ELLA is a software tool for clinical interpretation of genetic variants that is developed and in use at the Department of Medical Genetics at Oslo University Hospital. In BigMed, two deliveries are planned that involve expansion of the existing capabilities of ELLA: Using phenotype information for more efficient interpretation of genetic variants, and support for interpreting structural variants.

Efficient interpretation of genetic variants using phenotypes

Clinical interpretation of genetic variants is a complicated process where many pieces of information, often inconclusive and sometimes contradictory, has to be puzzled together to reach an answer. In many cases, this makes the interpretation step the major bottleneck for fast and safe processing of patients’ genetic test results. However, with the aid of proper tools, this process can be dramatically simplified.

ELLA already uses advanced rules to automatically filter out the vast majority of benign genetic variants, as well as to tag critical information for pinpointing the most likely disease-causing candidates among those remaining. However, especially for patients with limited inheritance information and vague or uncertain disease traits, the list of candidate genetic variants can still become large and unwieldy.

Within BigMed, we aim to expand ELLA’s functionality for filtering and prioritizing variants. An especially promising approach involves more comprehensive use of phenotype information, which is the observable traits of a patient. Generally speaking, more exact phenotypic descriptions allows narrowing down the list of candidate genes, and consequently fewer variants to interpret. This depends heavily on good phenotyping tools, which is another delivery within BigMed.

Phenotypes can be used as input to generate lists of candidate genes by simple, established gene-phenotype relationships. More advanced approaches involve machine-learning methods that incorporates other sources of information, such as the known biochemical functions of genes in humans, as well as other species. This can be used to calculate pathogenic likelihoods adapted to a particular patient’s observed traits and genetic variants, and consequently sort the variants with the most likely disease-causing candidates on top.

Although many of these algorithms are still not ready for prime-time clinical use, their use can still be justified in cases where answering times are especially critical, such as in newborns with severe, potentially treatable syndromes. This is thus well suited for another delivery within BigMed, a High speed pipeline for NICU whole genome sequencing.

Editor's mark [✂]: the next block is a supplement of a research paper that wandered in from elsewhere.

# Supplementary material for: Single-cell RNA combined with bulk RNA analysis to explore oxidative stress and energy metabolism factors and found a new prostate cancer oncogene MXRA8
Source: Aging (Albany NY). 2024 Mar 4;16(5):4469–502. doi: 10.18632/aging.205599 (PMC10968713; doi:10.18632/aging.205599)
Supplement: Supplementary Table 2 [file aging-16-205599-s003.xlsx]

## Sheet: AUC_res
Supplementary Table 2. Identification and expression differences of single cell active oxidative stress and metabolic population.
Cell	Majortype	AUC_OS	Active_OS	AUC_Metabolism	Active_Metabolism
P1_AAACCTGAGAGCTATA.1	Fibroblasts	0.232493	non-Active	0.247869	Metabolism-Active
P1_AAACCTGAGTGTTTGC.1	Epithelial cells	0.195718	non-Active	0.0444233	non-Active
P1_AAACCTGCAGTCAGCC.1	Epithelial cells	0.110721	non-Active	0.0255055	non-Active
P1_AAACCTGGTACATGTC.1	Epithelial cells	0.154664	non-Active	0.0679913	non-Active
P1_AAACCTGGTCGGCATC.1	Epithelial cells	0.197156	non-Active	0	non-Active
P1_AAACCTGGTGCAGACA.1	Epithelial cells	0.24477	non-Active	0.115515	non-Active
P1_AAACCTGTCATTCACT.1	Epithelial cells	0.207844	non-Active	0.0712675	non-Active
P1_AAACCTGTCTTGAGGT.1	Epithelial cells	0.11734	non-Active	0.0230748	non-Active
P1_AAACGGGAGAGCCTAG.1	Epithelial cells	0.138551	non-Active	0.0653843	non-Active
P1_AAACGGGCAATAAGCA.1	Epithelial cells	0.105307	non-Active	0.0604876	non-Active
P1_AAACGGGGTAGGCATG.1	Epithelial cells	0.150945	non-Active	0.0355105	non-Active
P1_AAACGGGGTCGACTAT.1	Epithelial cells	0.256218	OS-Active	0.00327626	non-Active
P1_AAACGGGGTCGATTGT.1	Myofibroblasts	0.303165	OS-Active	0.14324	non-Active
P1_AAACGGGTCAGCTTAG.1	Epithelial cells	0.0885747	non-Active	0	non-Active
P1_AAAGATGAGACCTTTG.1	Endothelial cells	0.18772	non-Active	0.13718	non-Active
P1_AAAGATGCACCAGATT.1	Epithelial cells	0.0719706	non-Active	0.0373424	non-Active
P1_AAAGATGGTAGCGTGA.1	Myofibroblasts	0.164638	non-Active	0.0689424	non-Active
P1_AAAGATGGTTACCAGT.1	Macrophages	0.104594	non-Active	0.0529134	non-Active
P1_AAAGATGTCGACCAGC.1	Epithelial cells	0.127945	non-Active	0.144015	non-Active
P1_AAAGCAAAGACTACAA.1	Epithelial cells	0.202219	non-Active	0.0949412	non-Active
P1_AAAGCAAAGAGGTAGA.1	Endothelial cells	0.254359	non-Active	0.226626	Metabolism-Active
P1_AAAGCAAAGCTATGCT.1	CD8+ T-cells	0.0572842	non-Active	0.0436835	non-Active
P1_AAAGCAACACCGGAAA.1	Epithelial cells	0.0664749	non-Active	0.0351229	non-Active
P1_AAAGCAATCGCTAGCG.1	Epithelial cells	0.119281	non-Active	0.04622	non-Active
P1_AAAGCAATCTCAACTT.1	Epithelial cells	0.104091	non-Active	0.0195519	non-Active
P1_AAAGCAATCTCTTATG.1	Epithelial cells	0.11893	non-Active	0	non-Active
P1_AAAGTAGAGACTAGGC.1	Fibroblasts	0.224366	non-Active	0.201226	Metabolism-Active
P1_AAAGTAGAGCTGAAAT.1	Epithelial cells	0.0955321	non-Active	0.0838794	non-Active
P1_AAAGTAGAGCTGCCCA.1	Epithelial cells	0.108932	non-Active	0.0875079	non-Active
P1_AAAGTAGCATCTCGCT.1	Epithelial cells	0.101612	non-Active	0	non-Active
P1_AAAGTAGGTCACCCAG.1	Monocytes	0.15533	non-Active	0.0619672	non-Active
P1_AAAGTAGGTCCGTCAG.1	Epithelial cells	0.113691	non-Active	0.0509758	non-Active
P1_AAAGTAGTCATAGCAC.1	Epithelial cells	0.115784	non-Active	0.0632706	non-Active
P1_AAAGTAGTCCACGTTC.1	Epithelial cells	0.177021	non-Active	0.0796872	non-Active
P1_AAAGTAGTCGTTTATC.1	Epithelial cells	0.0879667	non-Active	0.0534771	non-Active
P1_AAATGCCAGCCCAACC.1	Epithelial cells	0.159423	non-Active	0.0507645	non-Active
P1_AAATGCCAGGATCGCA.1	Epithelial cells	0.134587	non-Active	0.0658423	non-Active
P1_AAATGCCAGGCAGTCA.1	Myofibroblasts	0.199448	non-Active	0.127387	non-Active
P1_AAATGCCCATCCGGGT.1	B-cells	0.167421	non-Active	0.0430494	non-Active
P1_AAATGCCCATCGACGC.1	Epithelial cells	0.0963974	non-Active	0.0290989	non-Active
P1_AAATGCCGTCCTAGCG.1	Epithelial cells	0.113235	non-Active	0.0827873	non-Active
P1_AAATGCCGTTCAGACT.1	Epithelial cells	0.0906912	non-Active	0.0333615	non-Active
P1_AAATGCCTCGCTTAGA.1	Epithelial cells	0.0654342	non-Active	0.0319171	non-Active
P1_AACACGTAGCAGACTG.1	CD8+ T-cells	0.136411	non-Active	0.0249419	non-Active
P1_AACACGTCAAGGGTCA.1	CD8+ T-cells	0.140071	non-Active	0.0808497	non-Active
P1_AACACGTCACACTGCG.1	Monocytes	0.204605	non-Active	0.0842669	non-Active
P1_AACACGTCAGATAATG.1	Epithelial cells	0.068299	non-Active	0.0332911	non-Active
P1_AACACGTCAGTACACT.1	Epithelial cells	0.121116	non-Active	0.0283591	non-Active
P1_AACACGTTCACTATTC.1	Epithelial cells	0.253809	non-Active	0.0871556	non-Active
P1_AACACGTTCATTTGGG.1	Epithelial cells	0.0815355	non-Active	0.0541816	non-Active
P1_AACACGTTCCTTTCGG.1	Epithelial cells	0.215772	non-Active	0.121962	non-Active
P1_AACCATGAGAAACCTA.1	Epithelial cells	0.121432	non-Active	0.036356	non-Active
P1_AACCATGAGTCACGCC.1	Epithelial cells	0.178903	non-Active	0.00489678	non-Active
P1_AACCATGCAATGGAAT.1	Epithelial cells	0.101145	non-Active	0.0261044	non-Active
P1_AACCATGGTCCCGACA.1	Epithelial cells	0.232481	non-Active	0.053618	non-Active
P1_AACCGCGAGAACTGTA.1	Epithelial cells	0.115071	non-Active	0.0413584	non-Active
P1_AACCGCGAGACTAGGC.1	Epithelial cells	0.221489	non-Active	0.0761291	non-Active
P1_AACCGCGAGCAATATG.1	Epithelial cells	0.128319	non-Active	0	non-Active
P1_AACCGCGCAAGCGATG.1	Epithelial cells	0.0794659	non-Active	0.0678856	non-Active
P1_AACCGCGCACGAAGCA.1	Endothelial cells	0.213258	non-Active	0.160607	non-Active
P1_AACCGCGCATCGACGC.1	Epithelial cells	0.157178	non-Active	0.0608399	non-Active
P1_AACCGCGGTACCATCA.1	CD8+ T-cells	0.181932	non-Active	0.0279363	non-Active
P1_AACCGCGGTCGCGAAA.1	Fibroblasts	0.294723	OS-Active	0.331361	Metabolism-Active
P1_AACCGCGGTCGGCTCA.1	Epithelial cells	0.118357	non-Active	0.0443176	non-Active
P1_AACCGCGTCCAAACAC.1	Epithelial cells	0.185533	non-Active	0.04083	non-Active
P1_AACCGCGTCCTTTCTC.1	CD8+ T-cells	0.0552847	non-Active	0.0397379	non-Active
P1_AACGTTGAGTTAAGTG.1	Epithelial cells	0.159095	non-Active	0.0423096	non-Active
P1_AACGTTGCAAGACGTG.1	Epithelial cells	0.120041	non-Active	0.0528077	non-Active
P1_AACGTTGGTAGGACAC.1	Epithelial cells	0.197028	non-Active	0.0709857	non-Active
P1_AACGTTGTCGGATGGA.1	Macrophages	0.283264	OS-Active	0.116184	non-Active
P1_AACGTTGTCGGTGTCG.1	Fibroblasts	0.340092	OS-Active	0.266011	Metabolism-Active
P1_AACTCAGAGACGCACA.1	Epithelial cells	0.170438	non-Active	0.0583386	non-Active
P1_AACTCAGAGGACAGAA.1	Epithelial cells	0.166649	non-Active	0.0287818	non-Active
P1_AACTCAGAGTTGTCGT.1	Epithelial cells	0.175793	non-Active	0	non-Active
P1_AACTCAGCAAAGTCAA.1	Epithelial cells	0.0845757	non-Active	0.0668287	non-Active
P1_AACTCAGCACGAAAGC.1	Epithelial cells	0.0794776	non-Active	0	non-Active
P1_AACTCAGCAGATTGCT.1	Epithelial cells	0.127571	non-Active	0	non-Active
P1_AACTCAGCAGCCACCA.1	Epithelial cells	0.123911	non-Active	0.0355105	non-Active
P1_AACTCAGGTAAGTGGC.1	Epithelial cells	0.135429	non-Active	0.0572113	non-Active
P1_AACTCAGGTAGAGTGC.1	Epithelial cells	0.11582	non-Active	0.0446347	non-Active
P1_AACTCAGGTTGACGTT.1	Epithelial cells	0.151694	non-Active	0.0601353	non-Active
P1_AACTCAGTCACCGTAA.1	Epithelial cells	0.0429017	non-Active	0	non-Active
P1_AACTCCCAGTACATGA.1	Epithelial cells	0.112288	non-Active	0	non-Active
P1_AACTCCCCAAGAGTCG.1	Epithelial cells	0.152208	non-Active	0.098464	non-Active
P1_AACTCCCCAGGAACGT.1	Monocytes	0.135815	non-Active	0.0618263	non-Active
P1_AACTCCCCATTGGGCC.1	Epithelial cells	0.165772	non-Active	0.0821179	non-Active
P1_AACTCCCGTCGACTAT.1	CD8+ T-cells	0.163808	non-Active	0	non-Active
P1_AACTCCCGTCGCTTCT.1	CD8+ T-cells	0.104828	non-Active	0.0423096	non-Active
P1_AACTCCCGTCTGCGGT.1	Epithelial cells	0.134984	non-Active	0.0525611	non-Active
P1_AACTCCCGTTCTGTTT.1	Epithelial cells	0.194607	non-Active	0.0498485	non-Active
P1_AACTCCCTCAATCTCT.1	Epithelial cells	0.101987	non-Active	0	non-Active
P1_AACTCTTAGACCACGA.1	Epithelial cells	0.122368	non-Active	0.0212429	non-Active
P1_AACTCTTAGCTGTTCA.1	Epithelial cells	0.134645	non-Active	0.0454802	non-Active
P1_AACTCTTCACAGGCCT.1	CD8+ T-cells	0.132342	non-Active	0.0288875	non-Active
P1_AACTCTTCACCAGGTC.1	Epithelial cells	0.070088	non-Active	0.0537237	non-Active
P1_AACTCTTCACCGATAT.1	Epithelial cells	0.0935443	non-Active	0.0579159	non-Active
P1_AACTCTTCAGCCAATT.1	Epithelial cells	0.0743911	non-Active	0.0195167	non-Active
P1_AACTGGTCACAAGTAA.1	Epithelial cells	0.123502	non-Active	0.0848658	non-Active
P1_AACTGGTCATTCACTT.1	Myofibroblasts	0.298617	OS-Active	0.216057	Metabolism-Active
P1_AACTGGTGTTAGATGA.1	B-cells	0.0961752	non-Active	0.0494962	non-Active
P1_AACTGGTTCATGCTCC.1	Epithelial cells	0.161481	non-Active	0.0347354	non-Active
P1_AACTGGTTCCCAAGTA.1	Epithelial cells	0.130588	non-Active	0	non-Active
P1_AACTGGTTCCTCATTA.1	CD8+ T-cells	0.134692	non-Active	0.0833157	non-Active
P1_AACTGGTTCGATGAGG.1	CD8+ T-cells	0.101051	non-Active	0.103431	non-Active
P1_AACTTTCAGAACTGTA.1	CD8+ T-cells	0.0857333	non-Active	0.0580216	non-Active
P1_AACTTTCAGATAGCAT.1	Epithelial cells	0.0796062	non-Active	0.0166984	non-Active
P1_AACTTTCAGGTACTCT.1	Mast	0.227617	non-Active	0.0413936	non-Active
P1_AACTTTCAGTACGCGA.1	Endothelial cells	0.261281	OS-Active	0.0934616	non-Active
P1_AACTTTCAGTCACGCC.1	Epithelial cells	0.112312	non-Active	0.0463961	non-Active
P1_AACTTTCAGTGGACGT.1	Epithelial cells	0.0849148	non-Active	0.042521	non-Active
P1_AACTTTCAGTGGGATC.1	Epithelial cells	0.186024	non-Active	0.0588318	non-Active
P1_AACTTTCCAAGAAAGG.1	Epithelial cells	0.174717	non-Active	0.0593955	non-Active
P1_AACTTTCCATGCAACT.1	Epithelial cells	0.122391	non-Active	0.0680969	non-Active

Structural variants from high-throughput sequencing

The use of high-throughput DNA sequencing technologies for small genetic variations in the genome, from single to a few tens of nucleotides, has become very mature, with a precision going beyond earlier methods. However, using the same technology for characterizing changes that affect larger parts of the genome, so called structural variants, has proved more challenging. At the moment, there is no “gold standard” for genotyping structural variants with this technology, leaving it up to individual parties to find their own solutions.

The potential gains, however, are large: Including structural variants with other variants using this technology means that a near-complete picture of a patient’s genetic makeup can be produced in a single run. For certain patient groups, this has proved vital in finding the true disease-causing variants. Including structural variants from high-throughput sequencing thus has the potential to increase the positive detection rate dramatically, while at the same time reducing the complexity, time and cost required to reach an answer.

In BigMed, we are working with a bioinformatics pipeline that will produce structural variant results with a high enough confidence to be used for clinical purposes, as well as ways of presenting and managing the results for clinical interpretation. For the latter, we are implementing support for structural variants in ELLA, alongside existing functionality for shorter variants.

Our plans for ELLA include visual presentation of structural variants with critical information gathered from external and internal sources, as well as ways of filtering out technical artefacts and benign variants. The analysis process will also be tightly intertwined with the use of structured phenotypes described above, which will be especially important in whole-genome approaches.